$50bn award levied against Russia

Court of arbitration in The Hague rules major oil company seized illegally

Yukos, set up by Mikhail Khodorkovsky, was seized by the Russian authorities in 2003, which alleged that the oil and gas company had been involved in a criminal enterprise to evade billions in taxes.

Yukos, set up by Mikhail Khodorkovsky, was seized by the Russian authorities in 2003, which alleged that the oil and gas company had been involved in a criminal enterprise to evade billions in taxes.

Tue, Jul 29, 2014, 01:00

Russia is faced with the threat that billions in assets held internationally could be seized to pay a $50 billion compensation award to punish it for illegally confiscating a major oil company, the Permanent Court of Arbitration has ordered.

Yukos, set up by Mikhail Khodorkovsky, was seized by the Russian authorities in 2003, which alleged that the oil and gas company had been involved in a criminal enterprise to evade billions in taxes.

However, The Hague-based arbitration court ruled that the seizure of Yukos’s most valuable subsidiary, Yuganskneftegaz, was a bid to bankrupt the company: “In short, it was in effect a devious and calculated expropriation,” it said.

The Hague judgment is a major embarrassment for Russian leader Vladimir Putin, but it could pose problems, too, for BP, which owns a fifth of Rosneft – the Russian state-controlled energy giant that now owns most of Yukos’s assets.

Mr Khodorkovsky was seen as a threat by the Kremlin because he had become involved politically and had begun to fund opposition parties, which led Mr Putin to target the company for destruction.

Three major shareholders in Yukos – Hulley Enterprises, Yukos Universal Limited and Veteran Petroleum – none of which involved Mr Khodorkovsky – began their battle for compensation in February 2005. Decade in jail Mr Khodorkovsky, who was released from jail last December by Mr Putin after he had served a decade in jail, said he had learned of it the Hague ruling “with a feeling of satisfaction”.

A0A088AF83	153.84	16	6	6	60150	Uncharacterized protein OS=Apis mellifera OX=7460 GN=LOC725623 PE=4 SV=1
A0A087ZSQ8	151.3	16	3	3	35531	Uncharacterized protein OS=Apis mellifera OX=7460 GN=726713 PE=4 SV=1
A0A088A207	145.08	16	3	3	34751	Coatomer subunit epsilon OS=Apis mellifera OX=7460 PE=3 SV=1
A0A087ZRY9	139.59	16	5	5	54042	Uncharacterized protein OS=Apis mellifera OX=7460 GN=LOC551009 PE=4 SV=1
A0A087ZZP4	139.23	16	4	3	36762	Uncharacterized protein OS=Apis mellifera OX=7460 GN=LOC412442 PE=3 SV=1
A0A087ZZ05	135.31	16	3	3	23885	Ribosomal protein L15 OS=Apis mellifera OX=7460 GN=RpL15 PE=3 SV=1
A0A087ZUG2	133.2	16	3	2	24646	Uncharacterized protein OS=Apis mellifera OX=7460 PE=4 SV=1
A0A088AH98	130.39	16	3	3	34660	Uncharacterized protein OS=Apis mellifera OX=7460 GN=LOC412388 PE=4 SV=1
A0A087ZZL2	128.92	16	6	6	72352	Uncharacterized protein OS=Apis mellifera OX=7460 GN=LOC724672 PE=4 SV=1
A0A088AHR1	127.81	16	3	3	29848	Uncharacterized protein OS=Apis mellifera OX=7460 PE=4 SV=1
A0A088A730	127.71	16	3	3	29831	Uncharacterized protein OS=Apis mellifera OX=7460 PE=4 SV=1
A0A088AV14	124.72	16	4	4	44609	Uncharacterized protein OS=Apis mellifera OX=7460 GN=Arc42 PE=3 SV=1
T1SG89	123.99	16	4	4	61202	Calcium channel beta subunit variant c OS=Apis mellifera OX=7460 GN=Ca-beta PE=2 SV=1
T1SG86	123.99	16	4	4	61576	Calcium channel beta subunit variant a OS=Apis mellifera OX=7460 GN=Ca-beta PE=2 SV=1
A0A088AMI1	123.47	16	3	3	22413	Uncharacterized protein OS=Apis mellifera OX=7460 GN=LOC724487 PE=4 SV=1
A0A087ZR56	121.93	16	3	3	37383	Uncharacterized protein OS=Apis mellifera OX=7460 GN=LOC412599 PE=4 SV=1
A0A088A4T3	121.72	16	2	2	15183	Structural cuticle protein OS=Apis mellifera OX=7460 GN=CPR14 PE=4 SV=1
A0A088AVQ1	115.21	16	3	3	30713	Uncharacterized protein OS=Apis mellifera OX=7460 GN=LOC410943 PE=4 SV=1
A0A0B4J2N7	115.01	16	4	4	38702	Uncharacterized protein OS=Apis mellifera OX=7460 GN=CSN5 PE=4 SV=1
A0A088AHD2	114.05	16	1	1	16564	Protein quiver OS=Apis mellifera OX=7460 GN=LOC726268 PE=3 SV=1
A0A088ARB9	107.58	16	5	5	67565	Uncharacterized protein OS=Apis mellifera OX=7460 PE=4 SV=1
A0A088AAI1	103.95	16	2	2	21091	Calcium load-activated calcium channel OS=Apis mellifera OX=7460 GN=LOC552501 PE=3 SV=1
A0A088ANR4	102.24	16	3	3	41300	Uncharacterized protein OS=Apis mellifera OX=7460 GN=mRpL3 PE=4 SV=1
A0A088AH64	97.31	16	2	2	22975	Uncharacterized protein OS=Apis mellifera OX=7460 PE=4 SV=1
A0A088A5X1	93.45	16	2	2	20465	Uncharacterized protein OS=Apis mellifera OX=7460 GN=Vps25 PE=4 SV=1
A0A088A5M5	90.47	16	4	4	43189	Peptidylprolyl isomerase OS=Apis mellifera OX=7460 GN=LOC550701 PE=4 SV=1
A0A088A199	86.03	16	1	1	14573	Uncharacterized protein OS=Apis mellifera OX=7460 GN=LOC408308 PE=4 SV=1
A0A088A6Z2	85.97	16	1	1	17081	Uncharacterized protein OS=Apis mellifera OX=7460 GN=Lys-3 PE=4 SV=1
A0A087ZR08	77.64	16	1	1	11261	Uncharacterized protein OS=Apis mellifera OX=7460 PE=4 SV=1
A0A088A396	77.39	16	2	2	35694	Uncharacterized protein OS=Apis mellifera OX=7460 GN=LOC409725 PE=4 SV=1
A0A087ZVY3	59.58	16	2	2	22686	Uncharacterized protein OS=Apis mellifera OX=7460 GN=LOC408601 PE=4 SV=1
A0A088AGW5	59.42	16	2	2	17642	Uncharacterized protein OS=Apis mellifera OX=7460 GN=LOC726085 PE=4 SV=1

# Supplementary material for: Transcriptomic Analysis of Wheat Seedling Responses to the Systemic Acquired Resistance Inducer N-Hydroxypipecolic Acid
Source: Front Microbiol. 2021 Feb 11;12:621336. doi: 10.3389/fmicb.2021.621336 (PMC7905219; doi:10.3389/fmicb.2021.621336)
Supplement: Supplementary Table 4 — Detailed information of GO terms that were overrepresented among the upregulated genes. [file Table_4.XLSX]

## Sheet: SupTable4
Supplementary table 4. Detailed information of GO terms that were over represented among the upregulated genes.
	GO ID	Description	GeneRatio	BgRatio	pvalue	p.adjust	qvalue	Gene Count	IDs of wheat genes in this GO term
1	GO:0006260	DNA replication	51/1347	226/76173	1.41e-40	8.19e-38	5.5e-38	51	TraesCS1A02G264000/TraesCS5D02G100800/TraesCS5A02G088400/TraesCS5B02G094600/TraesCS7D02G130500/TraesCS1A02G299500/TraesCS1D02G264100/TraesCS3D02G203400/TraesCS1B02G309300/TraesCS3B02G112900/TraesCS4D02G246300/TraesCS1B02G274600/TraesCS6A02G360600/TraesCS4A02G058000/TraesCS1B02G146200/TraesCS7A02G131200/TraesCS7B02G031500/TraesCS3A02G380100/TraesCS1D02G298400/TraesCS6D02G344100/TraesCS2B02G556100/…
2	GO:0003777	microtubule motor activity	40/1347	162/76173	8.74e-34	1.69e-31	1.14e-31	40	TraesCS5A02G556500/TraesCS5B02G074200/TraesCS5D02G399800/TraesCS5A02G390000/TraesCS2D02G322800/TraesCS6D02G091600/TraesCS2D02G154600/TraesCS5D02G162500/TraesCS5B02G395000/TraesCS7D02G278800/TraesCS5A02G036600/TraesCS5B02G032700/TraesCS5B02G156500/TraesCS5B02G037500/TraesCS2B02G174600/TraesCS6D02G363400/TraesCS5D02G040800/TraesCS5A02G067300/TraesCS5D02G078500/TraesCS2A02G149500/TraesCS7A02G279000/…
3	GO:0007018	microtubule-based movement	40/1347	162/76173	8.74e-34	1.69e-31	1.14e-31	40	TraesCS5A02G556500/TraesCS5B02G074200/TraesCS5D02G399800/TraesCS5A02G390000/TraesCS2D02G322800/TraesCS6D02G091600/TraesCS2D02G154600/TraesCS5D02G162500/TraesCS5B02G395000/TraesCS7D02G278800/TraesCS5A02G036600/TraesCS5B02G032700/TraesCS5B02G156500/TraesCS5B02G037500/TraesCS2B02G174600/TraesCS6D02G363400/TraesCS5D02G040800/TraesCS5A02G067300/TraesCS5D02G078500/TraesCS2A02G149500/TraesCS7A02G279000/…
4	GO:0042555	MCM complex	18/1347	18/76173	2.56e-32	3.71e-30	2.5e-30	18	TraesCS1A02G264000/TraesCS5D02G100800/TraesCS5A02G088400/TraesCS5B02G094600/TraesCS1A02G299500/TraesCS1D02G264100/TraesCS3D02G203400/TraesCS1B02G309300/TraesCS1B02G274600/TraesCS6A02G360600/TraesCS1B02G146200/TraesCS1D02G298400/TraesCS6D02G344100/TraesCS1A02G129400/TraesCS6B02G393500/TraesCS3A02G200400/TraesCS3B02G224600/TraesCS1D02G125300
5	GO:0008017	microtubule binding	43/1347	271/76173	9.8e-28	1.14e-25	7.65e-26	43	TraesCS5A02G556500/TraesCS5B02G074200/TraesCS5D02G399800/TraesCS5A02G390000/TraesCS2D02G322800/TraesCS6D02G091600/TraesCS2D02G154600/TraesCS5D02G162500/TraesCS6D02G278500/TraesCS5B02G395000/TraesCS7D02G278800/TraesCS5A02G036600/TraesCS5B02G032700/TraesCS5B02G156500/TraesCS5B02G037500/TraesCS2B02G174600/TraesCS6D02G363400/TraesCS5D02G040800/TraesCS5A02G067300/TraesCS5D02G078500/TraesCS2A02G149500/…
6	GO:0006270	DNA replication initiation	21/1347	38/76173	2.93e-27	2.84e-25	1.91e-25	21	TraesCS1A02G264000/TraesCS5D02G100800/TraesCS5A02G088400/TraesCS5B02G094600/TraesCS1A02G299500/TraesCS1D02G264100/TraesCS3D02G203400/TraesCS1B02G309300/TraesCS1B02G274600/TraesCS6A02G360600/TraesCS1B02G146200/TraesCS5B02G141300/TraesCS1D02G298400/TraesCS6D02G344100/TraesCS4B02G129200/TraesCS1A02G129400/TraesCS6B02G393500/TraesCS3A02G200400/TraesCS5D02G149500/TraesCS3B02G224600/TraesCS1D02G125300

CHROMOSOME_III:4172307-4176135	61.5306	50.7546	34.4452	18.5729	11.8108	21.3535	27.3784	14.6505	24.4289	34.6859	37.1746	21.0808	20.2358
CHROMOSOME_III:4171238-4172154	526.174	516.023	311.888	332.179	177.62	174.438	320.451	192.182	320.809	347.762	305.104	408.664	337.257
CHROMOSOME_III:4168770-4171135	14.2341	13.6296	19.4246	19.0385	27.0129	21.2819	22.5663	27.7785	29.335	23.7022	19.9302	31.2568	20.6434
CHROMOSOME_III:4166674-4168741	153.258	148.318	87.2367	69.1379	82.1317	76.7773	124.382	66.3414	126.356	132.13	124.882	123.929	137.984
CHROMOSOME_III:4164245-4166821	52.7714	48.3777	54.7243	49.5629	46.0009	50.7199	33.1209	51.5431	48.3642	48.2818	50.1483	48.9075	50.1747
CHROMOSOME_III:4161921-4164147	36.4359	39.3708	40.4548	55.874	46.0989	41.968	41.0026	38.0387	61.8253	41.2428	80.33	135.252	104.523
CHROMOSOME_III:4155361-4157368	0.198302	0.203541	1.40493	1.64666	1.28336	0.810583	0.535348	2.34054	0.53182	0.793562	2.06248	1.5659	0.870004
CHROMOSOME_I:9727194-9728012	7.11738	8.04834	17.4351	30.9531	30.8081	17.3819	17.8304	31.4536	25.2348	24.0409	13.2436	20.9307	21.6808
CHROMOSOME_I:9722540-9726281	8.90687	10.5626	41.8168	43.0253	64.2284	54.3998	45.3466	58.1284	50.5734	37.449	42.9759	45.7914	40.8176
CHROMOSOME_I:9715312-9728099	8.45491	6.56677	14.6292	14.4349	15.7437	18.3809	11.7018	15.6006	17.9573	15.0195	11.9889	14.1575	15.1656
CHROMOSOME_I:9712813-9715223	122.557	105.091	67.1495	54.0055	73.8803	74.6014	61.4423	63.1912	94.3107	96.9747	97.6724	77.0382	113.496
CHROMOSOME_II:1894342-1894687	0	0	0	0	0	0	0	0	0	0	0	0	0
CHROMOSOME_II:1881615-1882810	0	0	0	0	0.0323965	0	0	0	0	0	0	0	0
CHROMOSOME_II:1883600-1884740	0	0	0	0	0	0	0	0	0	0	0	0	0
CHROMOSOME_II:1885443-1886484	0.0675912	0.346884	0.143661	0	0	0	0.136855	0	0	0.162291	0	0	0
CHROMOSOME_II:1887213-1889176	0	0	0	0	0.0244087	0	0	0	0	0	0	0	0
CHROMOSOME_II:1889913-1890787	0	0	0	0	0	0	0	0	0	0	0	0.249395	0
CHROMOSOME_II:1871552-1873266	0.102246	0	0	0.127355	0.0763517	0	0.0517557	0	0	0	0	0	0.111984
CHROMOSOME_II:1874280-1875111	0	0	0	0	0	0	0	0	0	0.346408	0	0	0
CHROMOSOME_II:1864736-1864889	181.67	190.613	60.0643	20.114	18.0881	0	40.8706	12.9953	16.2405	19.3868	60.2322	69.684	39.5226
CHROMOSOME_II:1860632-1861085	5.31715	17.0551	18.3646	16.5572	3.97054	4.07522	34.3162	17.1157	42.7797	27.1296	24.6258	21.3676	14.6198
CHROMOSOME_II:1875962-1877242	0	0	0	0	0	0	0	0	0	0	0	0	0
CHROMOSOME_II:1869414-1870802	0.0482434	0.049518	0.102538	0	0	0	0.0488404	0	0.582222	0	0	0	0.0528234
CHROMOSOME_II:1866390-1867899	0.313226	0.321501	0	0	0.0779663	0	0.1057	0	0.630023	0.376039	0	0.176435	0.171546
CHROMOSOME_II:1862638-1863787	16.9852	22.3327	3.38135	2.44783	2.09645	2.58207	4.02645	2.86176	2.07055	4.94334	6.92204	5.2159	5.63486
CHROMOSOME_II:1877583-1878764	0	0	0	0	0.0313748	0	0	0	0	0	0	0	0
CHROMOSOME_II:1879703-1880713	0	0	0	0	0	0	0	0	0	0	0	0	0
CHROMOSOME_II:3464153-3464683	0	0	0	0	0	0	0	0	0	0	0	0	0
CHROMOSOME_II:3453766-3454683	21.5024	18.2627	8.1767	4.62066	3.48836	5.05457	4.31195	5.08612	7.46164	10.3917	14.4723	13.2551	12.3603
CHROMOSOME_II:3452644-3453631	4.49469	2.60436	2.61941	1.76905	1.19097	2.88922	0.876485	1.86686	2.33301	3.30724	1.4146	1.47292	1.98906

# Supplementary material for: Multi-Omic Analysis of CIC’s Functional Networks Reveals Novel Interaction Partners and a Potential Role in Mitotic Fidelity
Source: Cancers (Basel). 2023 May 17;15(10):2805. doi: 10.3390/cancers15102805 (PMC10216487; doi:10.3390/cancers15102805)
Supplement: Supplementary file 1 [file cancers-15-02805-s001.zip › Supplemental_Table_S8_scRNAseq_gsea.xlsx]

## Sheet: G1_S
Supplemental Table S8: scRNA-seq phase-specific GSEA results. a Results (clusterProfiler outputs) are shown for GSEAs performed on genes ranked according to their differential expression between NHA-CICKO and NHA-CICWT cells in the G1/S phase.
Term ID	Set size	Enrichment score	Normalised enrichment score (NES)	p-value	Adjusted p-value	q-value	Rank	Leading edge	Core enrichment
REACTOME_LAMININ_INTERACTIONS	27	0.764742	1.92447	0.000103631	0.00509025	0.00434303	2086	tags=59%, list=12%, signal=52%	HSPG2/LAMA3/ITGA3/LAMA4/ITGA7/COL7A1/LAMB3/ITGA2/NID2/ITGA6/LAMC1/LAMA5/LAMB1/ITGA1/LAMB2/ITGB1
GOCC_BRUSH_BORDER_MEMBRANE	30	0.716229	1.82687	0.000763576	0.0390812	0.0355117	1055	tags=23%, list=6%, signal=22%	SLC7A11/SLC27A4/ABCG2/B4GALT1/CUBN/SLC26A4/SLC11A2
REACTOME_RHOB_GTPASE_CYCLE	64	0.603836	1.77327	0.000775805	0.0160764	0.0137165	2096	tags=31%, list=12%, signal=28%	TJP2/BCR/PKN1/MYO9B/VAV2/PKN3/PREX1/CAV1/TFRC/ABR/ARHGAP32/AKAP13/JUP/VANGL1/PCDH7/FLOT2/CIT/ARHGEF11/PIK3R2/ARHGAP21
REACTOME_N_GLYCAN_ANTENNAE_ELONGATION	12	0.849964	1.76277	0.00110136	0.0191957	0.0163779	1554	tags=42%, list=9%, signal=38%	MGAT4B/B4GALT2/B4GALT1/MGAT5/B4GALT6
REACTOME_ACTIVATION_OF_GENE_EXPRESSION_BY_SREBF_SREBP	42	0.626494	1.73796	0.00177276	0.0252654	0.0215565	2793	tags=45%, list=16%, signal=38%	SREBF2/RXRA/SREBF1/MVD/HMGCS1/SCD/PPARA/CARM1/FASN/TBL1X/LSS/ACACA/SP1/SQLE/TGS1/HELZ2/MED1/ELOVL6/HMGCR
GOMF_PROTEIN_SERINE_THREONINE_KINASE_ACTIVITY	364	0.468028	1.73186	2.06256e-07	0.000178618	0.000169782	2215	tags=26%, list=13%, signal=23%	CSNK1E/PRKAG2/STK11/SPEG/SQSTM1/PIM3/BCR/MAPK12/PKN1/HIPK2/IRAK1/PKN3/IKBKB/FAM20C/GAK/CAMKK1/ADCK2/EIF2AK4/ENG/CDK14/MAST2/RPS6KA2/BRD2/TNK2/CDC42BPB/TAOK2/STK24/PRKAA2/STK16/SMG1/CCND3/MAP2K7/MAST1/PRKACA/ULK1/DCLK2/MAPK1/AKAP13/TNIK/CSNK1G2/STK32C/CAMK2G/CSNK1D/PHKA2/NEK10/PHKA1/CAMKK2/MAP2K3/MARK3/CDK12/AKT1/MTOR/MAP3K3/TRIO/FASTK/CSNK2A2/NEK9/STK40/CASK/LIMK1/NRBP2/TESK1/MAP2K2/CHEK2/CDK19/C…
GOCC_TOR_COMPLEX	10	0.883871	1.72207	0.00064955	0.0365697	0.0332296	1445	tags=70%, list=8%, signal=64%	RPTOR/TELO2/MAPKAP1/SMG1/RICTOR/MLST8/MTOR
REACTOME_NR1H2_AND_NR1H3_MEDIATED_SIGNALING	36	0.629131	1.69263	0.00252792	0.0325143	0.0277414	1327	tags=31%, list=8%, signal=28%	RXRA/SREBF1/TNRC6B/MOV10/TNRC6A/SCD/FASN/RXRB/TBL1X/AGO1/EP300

The Hague judgment cannot be appealed, while Moscow is legally required to pay compound interest on the $50 billion compensation award if it has not paid in full by January. The compensation is 20 times larger than anything that has been previously awarded in international arbitration disputes.

If Moscow refuses to pay up, the shareholders can begin a new round of legal actions to seize Russian assets abroad – such as commercial properties, art collections or aircraft – if they can be linked to the Russian state.

Moscow pulled out of the treaty that governs such disputes – the Energy Charter Treaty – in 2009, but it remains liable under international law for actions covered by it that took place before it quit. However, the Hague judgment will be enforceable in 150 states under a 1958 legal convention agreed in New York. Russian foreign minister Sergei Lavrov has already said that Moscow will keep fighting.

Saying that it is “the end of the beginning”, Tim Osborne, the executive director of GML, formerly Group Menetap Ltd, said the shareholders had tried and failed to get the Russian authorities to engage “in meaningful discussions”.

Asked if BP could face asset seizures because of its part-ownership of Rosneft, Mr Osborne said the shareholders had still to decide on their next steps. “It is safe to say that nobody is safe. We will take a view, but it will be a pragmatic approach.”